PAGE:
Psychology, Emotion, and Pain
Many people who think that they are experiencing an exclusively physical injury are taken back if their doctor of back specialist mention emotion as a factor in their pain experience. People may think, "Why are you mentioning psychology and emotion when I have a physical problem?" While it is true that a patient's experience of back pain may be rooted in a physical problem in the back, it is also true that the way we cope with physical pain may have a large role in how much pain we feel. Psychology, emotion, and pain are three interconnected phenomenon. When we experience anxiety or depression, our immune system plummets, and we are more likely to become sick. When we experience anxiety and depression, our sympathetic nervous system is affected and our heart rate increases, possibly contributing to cardiac problems down the road. It has also been clinically proven that depression and anxiety may cause tension in the muscles which support our necks and backs. Many people believe that Fibromyalgia is a stress-induced medical disorder that causes global muscle tension. Ultimately, emotional and psychological factors have a role in how we experience the world and how our bodies feel. Let's take a closer look at stress-related back pain.
Stress-Related Back Pain: There are those out there, including physicians such as John Sarno, M.D. and Dr. Edward Shorter who believe that our experience of pain is not only influenced by our emotions, but that our emotions are the primary factor in influencing how we feel. Dr John Sarno for his part believes that conditions such as degenerative disc disease, herniated discs, and facet joint arthritis are a rare cause of back pain. Dr. Sarno believes that emotional and psychological factors are the primary factors that cause us to experience pain. Based on this hypothesis, you would believe that for many sufferers of chronic pain conditions, the pain would go away for individuals as soon as the psychological problem was cured. In fact Dr. Sarno does claim this to be the case, as evidenced from his case file collection from his own medical practice. Let's take a closer look at the details.
Doctors such as Mr. Sarno and Mr. Shorter claim that many cases are caused by stress-related back pain. Stress-related back pain is back pain that may be classified as "psycho-physiological" or "psychosomatic". This means that psychological distress is causing a person to have physical distress. The diagnosis of stress-related back pain implies that their physical symptoms are the direct result of negative emotional feelings. Though the cause of the pain is not related to an actual physical problem in the back, the physical pain that is experienced is very real to those that are suffering.
John Sarno M.D. , a medical doctor and professor of physical medicine and rehabilitation at New York University, came up with the medical term "Tension Myositis Syndrome (TMS)" to describe stress-related back pain. Dr. Edward Shorter has also described the stress-related pain phenomenon in his book From Paralysis to Fatigue. This book detailed numerous examples of medical conditions such as chronic fatigue and neurasthenia that were brought on by psychological stress.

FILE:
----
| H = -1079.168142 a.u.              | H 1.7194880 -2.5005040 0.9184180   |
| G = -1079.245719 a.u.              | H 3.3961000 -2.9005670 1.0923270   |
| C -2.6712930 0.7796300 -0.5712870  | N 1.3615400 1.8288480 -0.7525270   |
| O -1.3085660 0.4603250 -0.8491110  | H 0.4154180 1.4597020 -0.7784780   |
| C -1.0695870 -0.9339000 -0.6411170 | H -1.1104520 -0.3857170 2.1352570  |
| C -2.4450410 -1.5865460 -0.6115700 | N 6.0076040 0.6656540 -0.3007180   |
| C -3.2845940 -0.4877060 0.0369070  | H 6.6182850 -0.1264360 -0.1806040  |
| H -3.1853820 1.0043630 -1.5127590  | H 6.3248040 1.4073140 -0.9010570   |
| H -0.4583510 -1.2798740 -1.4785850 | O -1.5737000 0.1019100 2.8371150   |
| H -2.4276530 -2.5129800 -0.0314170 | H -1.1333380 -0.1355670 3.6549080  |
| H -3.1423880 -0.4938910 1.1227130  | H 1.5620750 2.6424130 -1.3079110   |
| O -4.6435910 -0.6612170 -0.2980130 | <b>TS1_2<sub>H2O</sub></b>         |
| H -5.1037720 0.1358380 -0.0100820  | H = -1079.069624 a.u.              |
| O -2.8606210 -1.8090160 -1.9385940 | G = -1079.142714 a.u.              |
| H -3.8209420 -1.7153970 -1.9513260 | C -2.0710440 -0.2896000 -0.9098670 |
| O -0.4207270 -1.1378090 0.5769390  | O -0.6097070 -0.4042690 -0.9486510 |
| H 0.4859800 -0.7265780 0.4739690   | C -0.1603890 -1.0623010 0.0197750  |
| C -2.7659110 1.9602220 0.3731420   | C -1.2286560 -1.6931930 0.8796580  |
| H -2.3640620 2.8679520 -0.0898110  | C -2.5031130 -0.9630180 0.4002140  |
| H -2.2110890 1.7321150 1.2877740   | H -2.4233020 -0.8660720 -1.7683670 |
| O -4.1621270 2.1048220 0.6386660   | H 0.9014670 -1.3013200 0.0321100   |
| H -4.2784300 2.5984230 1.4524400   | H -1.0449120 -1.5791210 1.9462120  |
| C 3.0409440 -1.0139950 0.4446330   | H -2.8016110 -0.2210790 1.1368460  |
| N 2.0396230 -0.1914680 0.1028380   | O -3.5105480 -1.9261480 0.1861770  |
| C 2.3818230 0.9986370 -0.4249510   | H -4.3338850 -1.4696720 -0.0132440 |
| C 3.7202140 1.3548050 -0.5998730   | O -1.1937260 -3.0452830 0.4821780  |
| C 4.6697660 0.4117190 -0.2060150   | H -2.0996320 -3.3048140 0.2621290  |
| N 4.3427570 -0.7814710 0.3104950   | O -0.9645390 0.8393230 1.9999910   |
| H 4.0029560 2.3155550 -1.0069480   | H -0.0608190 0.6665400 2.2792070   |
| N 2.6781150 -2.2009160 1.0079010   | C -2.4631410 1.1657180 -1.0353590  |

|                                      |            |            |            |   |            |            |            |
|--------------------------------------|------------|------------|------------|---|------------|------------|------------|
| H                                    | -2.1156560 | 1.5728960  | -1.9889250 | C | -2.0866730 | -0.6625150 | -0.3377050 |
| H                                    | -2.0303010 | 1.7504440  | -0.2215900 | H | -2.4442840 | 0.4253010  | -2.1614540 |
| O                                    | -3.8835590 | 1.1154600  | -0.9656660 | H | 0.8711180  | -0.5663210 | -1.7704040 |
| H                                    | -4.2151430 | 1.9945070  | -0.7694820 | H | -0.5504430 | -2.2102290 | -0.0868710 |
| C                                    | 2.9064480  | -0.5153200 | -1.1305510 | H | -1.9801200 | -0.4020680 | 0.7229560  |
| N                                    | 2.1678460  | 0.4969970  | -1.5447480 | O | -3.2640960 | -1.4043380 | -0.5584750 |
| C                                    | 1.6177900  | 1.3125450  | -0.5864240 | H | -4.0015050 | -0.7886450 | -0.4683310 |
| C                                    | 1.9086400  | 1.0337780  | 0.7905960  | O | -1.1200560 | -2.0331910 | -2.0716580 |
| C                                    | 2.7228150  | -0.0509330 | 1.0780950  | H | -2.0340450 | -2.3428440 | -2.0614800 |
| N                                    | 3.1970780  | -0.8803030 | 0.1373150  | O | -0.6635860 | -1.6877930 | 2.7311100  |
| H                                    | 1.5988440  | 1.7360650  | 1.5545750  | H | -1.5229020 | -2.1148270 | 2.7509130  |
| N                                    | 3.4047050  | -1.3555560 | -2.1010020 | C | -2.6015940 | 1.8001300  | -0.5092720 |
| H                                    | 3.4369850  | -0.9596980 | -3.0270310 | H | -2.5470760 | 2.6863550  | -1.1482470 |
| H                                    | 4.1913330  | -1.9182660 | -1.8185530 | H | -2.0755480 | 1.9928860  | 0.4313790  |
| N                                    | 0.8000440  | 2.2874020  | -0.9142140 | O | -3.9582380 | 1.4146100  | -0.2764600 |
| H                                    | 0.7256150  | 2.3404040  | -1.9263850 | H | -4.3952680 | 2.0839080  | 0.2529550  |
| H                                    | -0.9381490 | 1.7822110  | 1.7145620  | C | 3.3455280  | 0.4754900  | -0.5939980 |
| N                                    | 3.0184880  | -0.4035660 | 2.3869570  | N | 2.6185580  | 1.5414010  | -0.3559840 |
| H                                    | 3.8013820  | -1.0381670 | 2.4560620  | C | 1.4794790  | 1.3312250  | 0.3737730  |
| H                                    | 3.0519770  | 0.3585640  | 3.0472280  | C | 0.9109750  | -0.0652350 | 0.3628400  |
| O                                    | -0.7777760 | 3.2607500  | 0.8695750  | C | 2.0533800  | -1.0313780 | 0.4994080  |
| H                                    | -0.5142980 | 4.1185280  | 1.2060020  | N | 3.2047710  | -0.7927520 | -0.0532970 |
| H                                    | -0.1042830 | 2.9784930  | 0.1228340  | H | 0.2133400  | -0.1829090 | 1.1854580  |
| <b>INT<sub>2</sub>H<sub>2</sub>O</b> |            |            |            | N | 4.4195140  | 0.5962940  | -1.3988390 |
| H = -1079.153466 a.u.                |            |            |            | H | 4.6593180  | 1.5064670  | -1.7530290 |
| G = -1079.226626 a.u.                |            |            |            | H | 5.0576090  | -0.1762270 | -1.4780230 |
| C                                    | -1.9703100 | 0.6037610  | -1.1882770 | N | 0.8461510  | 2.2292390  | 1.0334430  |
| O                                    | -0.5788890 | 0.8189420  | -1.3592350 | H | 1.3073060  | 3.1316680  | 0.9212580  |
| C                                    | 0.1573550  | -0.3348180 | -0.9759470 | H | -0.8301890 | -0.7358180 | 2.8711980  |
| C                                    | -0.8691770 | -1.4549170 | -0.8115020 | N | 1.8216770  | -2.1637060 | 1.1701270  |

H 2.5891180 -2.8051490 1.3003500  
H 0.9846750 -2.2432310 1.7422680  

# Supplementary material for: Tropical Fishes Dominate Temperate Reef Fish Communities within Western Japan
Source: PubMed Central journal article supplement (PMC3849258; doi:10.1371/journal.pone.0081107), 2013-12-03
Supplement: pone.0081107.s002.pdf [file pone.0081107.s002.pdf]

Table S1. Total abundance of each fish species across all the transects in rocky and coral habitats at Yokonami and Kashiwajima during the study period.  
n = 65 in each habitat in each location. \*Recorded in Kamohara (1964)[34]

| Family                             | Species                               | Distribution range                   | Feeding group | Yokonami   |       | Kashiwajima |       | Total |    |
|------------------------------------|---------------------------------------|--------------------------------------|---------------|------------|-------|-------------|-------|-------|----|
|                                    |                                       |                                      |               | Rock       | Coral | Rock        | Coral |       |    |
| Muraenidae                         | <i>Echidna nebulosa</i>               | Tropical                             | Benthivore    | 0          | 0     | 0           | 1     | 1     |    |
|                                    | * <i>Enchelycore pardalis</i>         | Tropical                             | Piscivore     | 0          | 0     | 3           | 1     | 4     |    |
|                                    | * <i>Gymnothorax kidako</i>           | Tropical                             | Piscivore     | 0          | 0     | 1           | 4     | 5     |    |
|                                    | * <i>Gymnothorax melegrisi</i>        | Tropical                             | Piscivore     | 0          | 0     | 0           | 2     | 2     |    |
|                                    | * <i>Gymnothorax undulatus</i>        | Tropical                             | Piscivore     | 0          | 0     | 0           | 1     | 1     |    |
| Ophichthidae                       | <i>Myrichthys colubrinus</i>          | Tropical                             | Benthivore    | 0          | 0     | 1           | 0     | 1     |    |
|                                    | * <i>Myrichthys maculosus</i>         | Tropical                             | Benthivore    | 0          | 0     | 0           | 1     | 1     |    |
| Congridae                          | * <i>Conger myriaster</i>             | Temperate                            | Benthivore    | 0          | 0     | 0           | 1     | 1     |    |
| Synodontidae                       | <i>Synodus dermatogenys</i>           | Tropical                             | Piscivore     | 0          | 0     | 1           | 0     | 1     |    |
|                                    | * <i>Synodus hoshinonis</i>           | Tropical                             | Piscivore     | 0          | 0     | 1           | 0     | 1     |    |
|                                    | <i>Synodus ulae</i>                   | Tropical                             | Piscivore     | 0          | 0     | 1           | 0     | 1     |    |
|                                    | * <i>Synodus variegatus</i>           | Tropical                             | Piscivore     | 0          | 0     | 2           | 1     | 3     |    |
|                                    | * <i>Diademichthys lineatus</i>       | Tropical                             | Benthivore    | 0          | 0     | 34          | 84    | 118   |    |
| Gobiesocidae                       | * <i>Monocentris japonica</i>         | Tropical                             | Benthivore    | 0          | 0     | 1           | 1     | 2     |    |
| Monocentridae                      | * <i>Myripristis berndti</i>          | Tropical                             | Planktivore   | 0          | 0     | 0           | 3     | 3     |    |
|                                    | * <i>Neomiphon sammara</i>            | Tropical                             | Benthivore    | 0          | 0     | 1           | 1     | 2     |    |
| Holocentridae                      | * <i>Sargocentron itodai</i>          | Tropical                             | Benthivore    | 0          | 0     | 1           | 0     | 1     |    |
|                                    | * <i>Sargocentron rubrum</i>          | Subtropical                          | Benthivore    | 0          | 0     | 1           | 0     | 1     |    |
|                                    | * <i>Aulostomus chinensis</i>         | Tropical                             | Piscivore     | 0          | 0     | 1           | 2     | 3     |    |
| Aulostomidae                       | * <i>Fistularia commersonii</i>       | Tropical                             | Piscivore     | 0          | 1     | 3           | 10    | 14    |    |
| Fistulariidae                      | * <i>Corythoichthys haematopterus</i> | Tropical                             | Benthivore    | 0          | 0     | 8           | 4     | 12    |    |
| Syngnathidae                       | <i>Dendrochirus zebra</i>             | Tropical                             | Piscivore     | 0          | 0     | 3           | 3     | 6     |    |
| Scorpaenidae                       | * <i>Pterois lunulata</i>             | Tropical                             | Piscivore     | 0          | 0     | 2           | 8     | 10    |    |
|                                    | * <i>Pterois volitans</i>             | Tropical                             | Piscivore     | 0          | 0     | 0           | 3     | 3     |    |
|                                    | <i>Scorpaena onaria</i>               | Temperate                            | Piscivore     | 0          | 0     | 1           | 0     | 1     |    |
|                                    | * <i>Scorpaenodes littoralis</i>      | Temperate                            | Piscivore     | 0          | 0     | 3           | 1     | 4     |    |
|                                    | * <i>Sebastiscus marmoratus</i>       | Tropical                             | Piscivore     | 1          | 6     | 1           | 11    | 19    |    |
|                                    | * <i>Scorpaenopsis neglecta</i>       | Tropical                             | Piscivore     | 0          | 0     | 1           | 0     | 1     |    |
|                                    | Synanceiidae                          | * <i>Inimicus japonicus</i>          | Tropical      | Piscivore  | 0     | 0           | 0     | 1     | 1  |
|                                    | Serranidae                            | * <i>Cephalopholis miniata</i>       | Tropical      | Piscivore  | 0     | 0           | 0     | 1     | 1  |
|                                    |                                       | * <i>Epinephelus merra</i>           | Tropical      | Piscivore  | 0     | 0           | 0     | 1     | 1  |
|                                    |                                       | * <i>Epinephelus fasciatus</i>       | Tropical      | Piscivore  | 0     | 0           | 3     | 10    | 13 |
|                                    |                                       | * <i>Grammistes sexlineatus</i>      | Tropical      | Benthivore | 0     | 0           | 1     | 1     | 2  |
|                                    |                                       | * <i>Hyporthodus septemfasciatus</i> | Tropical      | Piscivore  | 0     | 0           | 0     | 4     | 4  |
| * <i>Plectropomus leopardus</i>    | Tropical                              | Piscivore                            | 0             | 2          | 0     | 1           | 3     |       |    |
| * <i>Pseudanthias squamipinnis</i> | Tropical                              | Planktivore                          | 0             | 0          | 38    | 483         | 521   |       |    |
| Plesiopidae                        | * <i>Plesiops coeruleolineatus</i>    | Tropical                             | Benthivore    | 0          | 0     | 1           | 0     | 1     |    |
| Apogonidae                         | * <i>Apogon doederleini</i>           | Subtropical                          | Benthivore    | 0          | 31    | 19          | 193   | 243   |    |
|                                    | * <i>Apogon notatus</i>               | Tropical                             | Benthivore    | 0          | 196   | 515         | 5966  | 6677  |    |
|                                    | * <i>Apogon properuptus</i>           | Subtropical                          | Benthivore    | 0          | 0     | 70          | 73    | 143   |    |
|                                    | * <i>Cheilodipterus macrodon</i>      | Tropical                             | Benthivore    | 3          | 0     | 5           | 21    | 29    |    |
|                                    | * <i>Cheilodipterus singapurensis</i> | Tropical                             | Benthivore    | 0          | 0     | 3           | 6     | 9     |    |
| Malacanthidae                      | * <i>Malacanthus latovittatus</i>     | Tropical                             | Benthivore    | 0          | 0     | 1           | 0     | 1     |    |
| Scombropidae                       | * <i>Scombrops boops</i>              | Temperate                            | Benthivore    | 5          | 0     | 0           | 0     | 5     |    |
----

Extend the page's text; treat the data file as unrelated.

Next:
While we don't want to suggest to any of our readers that the problem is "all in your head", we would like to make the case that improving your mental health may help your pain condition in several ways.
It is true that the science of medical imaging is improving to the point that we can see every millimeter of the human spine in vivid detail, along with any spinal anomalies that may or may not be present. It is also true that in many patients with back pain, spinal anomalies are found, such as arthritis of the facet joints and herniated discs. Based on the previous two sentences, you may be more likely to believe that the medical imaging results have refuted the fact that stress-related pain is commonly the cause of a patient's symptoms. For patients with pain, the medical imaging results often show obvious pathology to the spine. Case closed, right? Very well, but in studies looking at the medical imaging results of HEALTHY patients, there was also a high rate of medical images that showed the same anatomical anomalies and pathologies.
Let's take a closer look as why stress causes people to experience pain. Assuming that stress is the primary cause of back pain, it is a tricky condition to fix, for several reasons. Imagine that someone who is already in a condition of distress is going to become increasingly more stressed as they experience chronic physical pain. This pain and stress is going to force them to start staying home from work, passing on recreational activities, and to avoid any activities that they may suspect to exacerbate the pain they feel. The pain cycle is characterized by:
- The experienced pain causes the individual to significantly decrease the amount of activities that they participate in on a weekly basis.
- This decrease in activities may occur as a result of fear of making the perceived injury from becoming progressively worse.
- This fear may be made worse by doctors, friends, or family actually encouraging them to take it easy for awhile.
- The adoption of this physically limiting lifestyle leads to physical de-conditioning and muscle weakness, which both cause the patient's back pain levels to increase.